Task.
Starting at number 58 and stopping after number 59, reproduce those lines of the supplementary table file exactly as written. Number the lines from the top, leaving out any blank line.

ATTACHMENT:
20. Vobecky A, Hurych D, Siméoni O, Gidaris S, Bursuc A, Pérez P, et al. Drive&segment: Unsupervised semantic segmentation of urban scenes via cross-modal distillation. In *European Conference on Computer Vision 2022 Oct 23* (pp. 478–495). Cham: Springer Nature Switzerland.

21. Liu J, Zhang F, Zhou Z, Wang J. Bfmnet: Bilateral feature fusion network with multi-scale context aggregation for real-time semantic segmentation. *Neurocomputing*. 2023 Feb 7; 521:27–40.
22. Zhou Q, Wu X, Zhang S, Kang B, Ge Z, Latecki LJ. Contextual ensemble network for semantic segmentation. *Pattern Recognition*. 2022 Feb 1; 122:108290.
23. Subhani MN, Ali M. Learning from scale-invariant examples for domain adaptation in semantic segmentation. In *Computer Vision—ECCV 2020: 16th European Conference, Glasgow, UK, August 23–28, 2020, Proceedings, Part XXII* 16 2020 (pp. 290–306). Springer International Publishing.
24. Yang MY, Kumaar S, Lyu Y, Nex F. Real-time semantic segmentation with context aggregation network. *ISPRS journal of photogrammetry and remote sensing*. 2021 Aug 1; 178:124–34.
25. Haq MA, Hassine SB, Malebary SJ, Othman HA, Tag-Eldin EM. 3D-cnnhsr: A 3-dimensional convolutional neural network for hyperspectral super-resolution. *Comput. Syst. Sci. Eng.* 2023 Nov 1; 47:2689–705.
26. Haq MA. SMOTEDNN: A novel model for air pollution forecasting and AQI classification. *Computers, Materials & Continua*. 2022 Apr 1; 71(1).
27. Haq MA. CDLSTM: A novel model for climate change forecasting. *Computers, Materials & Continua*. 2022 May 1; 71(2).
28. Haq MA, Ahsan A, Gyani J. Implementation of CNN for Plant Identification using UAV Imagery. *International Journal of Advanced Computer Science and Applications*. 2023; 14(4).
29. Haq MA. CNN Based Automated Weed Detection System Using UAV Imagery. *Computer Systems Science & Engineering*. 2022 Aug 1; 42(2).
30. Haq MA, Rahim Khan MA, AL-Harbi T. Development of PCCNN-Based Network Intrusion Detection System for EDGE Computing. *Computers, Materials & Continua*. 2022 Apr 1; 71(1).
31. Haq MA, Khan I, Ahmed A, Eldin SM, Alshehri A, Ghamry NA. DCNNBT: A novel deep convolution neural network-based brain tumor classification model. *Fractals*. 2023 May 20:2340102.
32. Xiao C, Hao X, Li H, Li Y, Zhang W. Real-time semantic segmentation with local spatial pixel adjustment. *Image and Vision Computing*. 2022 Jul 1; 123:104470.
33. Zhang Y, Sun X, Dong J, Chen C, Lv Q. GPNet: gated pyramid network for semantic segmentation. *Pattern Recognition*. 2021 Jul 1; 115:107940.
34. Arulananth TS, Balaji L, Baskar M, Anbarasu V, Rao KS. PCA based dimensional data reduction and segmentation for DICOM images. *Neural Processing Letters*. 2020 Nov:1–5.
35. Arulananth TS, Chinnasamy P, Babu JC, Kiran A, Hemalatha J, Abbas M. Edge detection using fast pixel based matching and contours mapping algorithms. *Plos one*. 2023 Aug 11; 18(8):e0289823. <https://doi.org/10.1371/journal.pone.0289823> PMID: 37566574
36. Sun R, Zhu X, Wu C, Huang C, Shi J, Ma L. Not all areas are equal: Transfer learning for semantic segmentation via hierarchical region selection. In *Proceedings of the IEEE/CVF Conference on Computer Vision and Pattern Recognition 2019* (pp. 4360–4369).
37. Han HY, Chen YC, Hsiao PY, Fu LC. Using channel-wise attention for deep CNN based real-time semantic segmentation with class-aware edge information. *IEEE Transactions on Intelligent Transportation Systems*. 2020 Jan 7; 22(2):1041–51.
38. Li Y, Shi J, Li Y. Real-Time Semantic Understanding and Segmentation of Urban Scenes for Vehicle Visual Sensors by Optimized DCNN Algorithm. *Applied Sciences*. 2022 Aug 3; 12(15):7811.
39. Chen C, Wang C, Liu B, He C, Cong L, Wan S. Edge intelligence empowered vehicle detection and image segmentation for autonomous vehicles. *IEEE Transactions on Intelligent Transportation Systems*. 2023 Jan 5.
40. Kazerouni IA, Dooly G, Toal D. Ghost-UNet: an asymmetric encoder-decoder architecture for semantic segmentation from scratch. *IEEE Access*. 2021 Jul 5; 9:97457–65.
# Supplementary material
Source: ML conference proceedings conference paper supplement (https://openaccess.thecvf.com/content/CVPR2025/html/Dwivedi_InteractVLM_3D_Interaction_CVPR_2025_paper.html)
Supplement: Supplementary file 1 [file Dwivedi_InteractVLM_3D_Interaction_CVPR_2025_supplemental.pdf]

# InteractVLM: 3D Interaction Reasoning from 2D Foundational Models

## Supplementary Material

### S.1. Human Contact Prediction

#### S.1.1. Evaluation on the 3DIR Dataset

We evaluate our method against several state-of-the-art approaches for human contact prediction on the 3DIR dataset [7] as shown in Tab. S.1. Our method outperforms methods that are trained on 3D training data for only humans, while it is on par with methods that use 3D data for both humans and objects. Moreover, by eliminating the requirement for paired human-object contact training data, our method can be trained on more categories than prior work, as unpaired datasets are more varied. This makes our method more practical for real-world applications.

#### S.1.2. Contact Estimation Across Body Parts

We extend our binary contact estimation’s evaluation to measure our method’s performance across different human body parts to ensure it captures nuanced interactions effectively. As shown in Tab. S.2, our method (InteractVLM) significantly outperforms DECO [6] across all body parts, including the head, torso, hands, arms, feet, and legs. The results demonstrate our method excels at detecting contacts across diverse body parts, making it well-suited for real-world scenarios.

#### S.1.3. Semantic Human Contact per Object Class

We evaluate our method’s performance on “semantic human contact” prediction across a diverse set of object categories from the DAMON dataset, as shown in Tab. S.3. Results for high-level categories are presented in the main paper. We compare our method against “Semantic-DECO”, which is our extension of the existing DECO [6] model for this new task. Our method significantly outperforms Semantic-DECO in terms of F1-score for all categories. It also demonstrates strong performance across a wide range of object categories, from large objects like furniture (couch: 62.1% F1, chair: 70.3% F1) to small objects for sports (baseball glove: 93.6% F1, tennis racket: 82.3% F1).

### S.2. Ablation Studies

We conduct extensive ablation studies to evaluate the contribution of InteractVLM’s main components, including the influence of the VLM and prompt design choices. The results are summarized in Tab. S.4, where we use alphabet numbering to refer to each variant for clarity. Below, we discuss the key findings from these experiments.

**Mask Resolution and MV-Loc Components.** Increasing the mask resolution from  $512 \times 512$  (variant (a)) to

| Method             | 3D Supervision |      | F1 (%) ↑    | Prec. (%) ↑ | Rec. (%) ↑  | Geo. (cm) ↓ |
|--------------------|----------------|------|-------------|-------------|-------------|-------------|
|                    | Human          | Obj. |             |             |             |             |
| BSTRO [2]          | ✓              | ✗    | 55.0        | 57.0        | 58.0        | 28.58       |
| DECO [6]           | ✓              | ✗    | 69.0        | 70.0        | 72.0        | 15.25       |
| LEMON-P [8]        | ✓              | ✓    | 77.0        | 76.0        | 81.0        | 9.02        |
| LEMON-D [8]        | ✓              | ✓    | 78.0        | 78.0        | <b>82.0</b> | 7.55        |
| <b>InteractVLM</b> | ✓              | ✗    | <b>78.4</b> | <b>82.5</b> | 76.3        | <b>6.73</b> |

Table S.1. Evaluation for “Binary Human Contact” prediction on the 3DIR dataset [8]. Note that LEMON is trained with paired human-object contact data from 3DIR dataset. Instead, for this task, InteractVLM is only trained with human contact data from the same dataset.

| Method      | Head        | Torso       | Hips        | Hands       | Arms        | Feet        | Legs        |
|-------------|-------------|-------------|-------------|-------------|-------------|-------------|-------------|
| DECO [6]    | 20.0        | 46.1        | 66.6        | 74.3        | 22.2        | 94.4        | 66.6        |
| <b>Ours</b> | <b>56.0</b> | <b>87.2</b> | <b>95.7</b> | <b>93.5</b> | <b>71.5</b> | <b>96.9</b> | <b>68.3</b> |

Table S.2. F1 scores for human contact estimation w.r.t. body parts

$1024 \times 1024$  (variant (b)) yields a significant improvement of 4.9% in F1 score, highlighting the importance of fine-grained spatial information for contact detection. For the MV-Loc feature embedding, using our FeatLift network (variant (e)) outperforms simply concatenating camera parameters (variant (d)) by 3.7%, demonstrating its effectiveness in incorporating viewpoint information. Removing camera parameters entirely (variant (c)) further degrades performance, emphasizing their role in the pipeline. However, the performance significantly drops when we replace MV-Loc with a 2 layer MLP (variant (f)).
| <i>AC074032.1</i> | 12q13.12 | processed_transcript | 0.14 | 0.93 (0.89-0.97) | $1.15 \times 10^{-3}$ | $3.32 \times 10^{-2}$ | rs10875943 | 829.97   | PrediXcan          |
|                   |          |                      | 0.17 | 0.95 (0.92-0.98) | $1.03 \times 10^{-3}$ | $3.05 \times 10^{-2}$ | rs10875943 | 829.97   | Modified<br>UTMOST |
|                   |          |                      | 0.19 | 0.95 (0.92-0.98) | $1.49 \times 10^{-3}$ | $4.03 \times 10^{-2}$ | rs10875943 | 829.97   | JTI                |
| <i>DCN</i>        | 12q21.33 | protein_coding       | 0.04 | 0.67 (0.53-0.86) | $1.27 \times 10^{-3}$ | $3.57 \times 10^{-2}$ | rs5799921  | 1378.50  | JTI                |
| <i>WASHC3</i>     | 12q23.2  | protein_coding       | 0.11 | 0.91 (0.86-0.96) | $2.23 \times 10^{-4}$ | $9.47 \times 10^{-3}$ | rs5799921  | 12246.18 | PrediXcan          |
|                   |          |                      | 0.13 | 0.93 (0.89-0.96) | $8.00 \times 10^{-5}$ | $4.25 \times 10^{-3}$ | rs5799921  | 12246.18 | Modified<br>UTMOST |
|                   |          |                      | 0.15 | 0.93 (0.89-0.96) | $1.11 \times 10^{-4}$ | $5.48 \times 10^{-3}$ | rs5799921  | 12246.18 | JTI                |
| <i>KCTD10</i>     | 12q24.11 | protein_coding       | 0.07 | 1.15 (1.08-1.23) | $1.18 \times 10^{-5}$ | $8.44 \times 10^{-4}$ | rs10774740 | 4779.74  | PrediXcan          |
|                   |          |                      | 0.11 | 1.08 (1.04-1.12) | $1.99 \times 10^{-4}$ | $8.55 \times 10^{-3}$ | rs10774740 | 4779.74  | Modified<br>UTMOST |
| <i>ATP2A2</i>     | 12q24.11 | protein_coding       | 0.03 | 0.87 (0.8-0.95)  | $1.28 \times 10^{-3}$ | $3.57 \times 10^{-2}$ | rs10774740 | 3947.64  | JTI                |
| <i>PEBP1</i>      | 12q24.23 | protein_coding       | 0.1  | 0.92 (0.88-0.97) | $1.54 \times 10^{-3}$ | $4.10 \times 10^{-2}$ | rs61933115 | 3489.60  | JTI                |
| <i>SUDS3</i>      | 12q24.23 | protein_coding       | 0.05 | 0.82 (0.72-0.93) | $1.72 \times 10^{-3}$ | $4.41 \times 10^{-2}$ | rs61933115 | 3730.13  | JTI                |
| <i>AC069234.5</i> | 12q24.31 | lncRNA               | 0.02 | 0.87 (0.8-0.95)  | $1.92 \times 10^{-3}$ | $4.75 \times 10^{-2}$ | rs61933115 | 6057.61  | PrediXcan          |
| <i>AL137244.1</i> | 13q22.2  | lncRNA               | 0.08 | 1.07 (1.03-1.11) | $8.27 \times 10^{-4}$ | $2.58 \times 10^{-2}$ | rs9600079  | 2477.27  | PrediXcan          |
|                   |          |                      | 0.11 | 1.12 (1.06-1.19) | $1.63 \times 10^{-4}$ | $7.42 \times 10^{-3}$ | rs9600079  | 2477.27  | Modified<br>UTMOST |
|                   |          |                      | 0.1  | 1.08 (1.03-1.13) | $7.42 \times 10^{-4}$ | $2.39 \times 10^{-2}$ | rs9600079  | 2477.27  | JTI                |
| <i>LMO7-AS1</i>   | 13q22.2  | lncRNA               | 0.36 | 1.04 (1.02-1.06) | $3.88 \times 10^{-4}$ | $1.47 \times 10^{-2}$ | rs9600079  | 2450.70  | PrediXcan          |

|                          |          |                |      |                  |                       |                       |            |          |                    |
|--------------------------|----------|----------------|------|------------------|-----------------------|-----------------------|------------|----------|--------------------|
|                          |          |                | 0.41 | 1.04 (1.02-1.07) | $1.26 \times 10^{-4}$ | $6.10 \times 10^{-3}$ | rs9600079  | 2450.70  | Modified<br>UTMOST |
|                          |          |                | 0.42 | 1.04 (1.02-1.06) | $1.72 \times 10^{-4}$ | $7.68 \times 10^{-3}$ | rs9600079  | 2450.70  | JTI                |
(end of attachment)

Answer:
|                   |          |                      | 0.15 | 0.93 (0.89-0.96) | $1.11 \times 10^{-4}$ | $5.48 \times 10^{-3}$ | rs5799921  | 12246.18 | JTI                |
| <i>KCTD10</i>     | 12q24.11 | protein_coding       | 0.07 | 1.15 (1.08-1.23) | $1.18 \times 10^{-5}$ | $8.44 \times 10^{-4}$ | rs10774740 | 4779.74  | PrediXcan          |